JBR: That’s awesome, you’re equating each volume to a circle of hell. That never even occurred to me. I was working a whole other numerology: 2012. Remember the quote unquote Mayan Apocalypse? That had nothing to do with the poor Mayans? Anyway, Hangman was built out of 2012 bricks. It’s just coincidence—or is it? —that Dante’s nine circles and the apocalypse hook up. Ooo-eee-ooo, as Ed Sanders put it in his book about Charlie Manson; that’s about the only line of his I can remember, by the way. It looms large in my legend, to more or less quote Ringo Starr. Anyhow, ooo-eee-ooo, it all hooks up. Hangman is the 3rd section of Zeitgeist Spam. Flux, Clot & Froth, mentioned above, is the second. The first was called No Sounds of My Own Making, which I stole from my brother who stole it from John Cage. ZS is the umbrella term for my work from about 2005/6 on, when I found myself pretty much only doing mashup/collage. I call the work I did before that “pre-kehre”, which is a Heidegger joke. Anyway, I have two conceptions/images of ZS. One is that it’s an altarpiece, the other a whole chapel. I mean it’s the frescoes that cover the walls of a chapel. Each section is a different fresco. Neither of the first two sections were intentionally representational. Hangman, however, is the Hell panel. My inspiration is the Last Judgment is the Collegiata di San Gimignano, painted by Taddeo di Bartolo. I ignore the “some are saved” aspect of the last judgment because I believe, with Curtis Mayfield, that if there’s a hell below, we’re all gonna go, tho I translate that to mean: this is the last place, this is the only place, this little planet, and we have made it hell. This means that Hangman, more than anything I’ve done before, is my “poem including history.” Wow, to think I’ve referred to two fascists in this response. I think that says a lot about a lot, really. Leaving exactly what aside as an endless digression which I don’t want to get into here, you are very nearly exactly right when you say: “Poet as witness, filters off to let it all in.” The very nearly simply means I can’t turn all the filters off, after so many decades of aesthetic education. Which is ok, otherwise I’d be Kenny G, printing out the whole damn internet.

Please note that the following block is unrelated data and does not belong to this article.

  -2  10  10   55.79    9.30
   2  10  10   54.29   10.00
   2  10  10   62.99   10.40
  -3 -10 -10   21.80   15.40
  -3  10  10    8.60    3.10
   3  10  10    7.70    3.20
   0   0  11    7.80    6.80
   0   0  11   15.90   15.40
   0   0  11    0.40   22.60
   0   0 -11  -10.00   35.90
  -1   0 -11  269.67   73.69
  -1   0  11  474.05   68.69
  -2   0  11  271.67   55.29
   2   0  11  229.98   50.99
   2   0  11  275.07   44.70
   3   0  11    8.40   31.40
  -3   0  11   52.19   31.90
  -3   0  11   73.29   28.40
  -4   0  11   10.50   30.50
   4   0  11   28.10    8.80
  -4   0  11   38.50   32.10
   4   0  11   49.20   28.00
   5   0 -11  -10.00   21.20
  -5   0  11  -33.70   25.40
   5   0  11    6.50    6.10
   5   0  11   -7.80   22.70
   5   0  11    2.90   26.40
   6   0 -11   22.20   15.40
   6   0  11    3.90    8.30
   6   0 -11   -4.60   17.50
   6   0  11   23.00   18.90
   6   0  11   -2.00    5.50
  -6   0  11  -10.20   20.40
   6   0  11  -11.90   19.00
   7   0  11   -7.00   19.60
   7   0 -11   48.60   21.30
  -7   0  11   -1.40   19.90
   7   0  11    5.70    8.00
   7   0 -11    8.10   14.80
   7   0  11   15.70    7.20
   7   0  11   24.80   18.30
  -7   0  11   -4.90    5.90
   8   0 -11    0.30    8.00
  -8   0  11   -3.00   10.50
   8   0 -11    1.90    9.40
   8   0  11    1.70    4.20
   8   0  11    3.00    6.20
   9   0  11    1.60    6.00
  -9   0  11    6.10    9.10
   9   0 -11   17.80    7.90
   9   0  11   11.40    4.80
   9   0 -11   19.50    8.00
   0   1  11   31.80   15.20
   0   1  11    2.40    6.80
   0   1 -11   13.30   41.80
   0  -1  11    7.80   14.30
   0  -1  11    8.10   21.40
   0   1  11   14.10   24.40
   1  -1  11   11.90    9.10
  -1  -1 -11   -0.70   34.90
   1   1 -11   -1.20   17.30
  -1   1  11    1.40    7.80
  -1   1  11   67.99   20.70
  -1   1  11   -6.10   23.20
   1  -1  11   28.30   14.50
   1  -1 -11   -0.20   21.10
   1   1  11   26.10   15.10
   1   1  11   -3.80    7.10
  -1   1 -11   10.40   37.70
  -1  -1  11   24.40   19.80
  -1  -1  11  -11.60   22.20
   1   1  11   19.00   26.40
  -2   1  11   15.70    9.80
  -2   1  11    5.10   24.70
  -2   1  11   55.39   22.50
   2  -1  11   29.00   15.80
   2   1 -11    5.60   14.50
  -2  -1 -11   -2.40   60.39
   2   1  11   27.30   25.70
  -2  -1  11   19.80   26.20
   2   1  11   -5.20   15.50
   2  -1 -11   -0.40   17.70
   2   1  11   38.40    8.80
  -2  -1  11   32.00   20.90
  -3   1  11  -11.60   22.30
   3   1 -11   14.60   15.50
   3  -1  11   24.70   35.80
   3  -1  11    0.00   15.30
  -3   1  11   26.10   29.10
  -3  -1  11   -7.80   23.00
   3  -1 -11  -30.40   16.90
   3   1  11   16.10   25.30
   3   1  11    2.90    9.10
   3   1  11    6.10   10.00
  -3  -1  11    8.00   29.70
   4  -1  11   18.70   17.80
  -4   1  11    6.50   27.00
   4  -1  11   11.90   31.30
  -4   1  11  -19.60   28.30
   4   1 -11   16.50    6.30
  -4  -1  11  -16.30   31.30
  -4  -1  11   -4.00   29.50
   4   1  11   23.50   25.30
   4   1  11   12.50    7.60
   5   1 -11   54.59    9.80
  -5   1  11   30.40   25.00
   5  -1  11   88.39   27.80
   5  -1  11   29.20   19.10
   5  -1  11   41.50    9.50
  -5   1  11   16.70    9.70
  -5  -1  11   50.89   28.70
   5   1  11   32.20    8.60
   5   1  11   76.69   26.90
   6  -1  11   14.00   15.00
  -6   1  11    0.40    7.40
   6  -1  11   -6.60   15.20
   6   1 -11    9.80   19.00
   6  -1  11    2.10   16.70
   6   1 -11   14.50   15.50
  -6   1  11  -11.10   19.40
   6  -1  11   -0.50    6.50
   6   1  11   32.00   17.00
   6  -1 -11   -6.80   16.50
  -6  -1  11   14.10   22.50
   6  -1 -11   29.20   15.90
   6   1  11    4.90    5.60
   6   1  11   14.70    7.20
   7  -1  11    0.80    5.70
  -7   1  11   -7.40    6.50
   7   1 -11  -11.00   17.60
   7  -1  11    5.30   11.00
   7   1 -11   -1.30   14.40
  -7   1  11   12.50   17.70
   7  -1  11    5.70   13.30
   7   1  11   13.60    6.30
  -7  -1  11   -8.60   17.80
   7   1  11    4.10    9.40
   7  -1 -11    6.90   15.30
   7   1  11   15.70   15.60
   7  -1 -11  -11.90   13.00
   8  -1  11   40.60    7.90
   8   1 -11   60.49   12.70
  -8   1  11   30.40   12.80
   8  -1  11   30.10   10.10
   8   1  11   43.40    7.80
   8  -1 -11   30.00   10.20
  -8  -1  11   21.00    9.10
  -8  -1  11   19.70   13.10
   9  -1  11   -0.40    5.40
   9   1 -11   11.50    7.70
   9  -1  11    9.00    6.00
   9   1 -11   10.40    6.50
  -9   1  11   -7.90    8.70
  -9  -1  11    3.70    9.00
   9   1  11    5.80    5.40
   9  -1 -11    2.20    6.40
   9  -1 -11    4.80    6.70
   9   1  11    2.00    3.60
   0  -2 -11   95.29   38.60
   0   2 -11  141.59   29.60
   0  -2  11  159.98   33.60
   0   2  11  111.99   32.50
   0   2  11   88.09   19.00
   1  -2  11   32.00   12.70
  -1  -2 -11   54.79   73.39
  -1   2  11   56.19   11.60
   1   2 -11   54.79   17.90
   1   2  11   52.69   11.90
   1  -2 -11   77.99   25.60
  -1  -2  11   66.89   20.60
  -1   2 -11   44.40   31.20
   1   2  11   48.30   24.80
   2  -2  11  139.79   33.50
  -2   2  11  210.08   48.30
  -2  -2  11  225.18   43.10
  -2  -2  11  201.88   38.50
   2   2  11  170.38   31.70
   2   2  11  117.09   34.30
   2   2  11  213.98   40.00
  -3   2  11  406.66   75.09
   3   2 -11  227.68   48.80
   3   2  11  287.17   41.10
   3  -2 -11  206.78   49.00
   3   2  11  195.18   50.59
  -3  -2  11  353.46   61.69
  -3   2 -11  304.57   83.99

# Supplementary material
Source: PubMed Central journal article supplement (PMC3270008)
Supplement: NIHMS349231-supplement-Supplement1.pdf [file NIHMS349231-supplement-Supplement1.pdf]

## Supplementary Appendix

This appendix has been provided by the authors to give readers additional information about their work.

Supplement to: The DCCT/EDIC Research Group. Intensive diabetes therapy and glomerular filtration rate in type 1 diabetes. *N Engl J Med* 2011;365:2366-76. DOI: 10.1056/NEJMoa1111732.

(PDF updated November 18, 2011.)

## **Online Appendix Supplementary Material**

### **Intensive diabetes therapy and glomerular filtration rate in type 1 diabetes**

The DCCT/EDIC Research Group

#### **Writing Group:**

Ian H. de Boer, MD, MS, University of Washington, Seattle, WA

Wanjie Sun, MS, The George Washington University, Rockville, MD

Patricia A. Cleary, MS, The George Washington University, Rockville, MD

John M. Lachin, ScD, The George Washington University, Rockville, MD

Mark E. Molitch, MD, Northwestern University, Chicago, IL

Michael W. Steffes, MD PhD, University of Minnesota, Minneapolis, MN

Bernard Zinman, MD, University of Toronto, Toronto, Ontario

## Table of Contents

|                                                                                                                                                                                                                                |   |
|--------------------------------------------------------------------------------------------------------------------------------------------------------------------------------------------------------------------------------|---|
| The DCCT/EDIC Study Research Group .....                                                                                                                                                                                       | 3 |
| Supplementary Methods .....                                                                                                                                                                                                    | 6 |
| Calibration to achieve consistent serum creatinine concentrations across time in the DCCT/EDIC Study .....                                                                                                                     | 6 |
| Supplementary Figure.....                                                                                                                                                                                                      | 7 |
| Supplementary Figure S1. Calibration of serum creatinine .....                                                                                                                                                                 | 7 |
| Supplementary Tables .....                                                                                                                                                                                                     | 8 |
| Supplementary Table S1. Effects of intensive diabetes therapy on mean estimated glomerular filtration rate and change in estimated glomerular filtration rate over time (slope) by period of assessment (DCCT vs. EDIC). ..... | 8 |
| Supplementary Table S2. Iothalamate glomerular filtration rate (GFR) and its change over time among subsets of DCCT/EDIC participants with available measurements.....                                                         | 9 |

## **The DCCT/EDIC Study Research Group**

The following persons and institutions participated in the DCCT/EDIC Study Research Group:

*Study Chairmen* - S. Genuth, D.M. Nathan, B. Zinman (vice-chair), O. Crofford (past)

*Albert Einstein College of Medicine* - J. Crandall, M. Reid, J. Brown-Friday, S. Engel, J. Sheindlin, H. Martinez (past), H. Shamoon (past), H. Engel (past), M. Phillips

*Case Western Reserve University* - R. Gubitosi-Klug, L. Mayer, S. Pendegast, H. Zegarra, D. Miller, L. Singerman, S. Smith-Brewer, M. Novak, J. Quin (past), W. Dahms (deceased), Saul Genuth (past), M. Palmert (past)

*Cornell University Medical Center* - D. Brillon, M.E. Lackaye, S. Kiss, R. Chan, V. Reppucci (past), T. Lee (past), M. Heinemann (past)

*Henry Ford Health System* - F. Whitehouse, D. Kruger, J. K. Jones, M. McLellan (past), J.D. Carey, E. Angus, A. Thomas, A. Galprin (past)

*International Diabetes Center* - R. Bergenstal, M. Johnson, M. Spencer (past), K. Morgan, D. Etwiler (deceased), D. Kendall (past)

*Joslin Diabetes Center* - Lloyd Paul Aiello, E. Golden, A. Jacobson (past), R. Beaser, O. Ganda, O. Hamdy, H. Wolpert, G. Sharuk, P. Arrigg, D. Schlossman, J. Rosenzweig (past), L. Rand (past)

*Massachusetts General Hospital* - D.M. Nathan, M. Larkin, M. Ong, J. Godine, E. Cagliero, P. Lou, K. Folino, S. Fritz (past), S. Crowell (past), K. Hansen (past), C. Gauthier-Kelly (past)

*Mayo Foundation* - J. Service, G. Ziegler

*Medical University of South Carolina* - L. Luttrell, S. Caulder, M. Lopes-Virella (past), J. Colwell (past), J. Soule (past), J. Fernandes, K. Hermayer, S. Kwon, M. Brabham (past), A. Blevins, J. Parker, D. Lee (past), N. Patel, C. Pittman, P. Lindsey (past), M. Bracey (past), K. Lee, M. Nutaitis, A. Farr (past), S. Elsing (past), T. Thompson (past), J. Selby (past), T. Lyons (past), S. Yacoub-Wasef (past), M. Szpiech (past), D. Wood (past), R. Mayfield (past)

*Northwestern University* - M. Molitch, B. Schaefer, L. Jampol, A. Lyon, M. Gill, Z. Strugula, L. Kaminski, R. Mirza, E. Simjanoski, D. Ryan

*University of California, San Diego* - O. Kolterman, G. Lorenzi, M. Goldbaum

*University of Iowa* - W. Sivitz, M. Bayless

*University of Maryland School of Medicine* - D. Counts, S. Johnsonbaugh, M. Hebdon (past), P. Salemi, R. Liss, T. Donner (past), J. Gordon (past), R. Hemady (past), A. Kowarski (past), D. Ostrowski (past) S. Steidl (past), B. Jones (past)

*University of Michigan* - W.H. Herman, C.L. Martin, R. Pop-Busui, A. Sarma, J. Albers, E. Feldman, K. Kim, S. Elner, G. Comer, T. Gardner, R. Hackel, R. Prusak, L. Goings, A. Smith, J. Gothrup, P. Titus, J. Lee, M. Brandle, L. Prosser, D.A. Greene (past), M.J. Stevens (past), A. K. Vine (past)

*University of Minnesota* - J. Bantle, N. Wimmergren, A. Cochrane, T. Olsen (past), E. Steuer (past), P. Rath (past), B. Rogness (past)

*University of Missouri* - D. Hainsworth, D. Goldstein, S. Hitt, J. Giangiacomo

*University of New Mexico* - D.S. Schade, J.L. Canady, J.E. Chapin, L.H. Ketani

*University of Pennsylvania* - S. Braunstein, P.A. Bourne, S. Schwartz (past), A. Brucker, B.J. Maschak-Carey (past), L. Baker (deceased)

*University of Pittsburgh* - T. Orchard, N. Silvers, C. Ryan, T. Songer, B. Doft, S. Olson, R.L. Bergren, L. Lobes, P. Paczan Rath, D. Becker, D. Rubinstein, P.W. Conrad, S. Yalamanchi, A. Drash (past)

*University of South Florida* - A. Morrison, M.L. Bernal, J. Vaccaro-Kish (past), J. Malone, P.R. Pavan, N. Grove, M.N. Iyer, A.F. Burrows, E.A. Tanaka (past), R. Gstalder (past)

AG: (Ack! There is JBR on the shared doc screen… A little pink crucifix shape.)
Okay, so ZS delineates your work post-2005/2006 that uses collage as an essential generative technique. When I’ve read the pieces over the years on your blog from Hangman, each piece always had a date and a set of endnotes that would send me down rabbit holes to check out what you were reading. So Hangman existed in an electronic form. Then you set yourself the project of bringing the work to print, and it’s very different - no dates, no endnotes, possibly heavily pruned. Talk about the way the work jumped from one form (electronic) into another (print). Do you consider them different works?